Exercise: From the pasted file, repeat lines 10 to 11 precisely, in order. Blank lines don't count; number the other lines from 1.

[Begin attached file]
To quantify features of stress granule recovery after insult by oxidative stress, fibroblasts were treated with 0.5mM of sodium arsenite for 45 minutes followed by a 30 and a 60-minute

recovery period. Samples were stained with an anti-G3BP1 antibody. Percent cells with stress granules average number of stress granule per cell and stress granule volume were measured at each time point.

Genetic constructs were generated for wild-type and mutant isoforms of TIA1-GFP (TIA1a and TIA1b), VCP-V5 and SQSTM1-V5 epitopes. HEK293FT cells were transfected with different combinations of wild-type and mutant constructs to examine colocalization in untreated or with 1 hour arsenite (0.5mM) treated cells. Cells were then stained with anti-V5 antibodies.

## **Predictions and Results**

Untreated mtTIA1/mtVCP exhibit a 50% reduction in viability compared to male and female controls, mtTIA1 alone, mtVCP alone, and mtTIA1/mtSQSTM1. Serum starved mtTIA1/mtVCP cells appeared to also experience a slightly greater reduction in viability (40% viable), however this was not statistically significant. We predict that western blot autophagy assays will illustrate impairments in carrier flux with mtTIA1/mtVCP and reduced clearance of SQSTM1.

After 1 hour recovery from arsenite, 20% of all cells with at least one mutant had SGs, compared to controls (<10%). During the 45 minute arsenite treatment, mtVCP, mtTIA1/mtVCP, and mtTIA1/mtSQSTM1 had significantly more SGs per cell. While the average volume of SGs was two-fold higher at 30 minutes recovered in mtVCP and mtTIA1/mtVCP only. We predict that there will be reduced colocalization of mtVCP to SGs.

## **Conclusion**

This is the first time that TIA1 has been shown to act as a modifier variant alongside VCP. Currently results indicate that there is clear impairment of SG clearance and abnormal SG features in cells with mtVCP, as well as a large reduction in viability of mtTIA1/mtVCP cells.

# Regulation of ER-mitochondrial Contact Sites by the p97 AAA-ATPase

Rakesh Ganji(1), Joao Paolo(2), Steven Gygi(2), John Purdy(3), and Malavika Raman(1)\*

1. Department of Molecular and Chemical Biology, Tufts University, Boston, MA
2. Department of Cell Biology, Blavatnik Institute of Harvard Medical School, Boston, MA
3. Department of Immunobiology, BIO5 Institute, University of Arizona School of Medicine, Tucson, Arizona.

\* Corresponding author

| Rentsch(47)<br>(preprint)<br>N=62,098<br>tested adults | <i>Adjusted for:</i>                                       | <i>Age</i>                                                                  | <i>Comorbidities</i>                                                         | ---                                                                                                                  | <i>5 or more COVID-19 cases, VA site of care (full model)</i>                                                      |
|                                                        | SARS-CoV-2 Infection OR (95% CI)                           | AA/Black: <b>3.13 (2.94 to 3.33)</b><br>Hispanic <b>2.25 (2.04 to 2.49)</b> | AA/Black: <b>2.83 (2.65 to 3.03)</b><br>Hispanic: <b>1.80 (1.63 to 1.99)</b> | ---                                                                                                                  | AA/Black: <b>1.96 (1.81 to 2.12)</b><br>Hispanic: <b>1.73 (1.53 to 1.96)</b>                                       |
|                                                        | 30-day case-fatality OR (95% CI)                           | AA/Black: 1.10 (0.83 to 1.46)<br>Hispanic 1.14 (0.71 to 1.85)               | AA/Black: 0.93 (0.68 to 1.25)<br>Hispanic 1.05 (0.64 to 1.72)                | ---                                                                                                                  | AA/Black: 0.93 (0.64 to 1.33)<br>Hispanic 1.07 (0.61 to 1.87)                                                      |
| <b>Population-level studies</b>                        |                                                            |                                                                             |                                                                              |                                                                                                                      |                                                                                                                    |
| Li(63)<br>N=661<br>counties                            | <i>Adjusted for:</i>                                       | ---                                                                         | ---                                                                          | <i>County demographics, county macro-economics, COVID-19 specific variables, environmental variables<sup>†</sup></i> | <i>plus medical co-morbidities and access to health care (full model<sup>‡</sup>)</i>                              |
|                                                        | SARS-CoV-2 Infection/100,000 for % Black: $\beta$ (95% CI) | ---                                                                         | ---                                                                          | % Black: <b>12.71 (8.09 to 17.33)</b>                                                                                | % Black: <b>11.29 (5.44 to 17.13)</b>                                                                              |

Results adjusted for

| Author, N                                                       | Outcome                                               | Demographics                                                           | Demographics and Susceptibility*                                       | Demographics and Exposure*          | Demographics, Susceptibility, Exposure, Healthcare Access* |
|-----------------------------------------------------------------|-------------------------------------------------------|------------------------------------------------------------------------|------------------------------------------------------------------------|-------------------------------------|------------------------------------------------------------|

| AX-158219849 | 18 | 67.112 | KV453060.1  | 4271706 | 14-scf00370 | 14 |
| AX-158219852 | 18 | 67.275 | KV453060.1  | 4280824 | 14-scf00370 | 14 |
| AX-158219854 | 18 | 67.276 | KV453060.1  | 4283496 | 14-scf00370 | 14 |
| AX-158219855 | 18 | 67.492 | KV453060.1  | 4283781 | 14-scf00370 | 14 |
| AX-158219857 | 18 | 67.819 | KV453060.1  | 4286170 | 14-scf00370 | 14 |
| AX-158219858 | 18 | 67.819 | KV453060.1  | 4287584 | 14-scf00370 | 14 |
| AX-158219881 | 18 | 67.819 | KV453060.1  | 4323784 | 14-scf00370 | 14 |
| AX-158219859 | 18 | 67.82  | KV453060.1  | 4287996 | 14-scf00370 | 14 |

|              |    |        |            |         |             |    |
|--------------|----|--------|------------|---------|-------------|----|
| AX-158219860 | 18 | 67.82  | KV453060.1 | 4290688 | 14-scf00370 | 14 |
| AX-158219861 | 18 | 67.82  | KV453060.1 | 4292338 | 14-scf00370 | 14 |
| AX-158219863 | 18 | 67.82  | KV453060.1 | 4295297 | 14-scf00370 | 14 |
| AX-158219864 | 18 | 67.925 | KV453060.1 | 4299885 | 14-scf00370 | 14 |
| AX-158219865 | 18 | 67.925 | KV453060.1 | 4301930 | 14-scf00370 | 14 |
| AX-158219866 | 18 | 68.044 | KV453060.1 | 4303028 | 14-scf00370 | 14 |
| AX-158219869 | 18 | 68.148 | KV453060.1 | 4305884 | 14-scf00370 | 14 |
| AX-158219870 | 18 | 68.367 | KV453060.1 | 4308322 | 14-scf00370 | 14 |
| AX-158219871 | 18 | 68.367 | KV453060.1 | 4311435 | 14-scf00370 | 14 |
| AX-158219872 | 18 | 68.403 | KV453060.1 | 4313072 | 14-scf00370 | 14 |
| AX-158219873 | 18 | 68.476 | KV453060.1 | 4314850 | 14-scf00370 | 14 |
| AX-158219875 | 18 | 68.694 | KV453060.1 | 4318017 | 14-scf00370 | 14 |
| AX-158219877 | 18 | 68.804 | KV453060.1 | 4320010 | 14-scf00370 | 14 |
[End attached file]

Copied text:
Rakesh Ganji(1), Joao Paolo(2), Steven Gygi(2), John Purdy(3), and Malavika Raman(1)\*

1. Department of Molecular and Chemical Biology, Tufts University, Boston, MA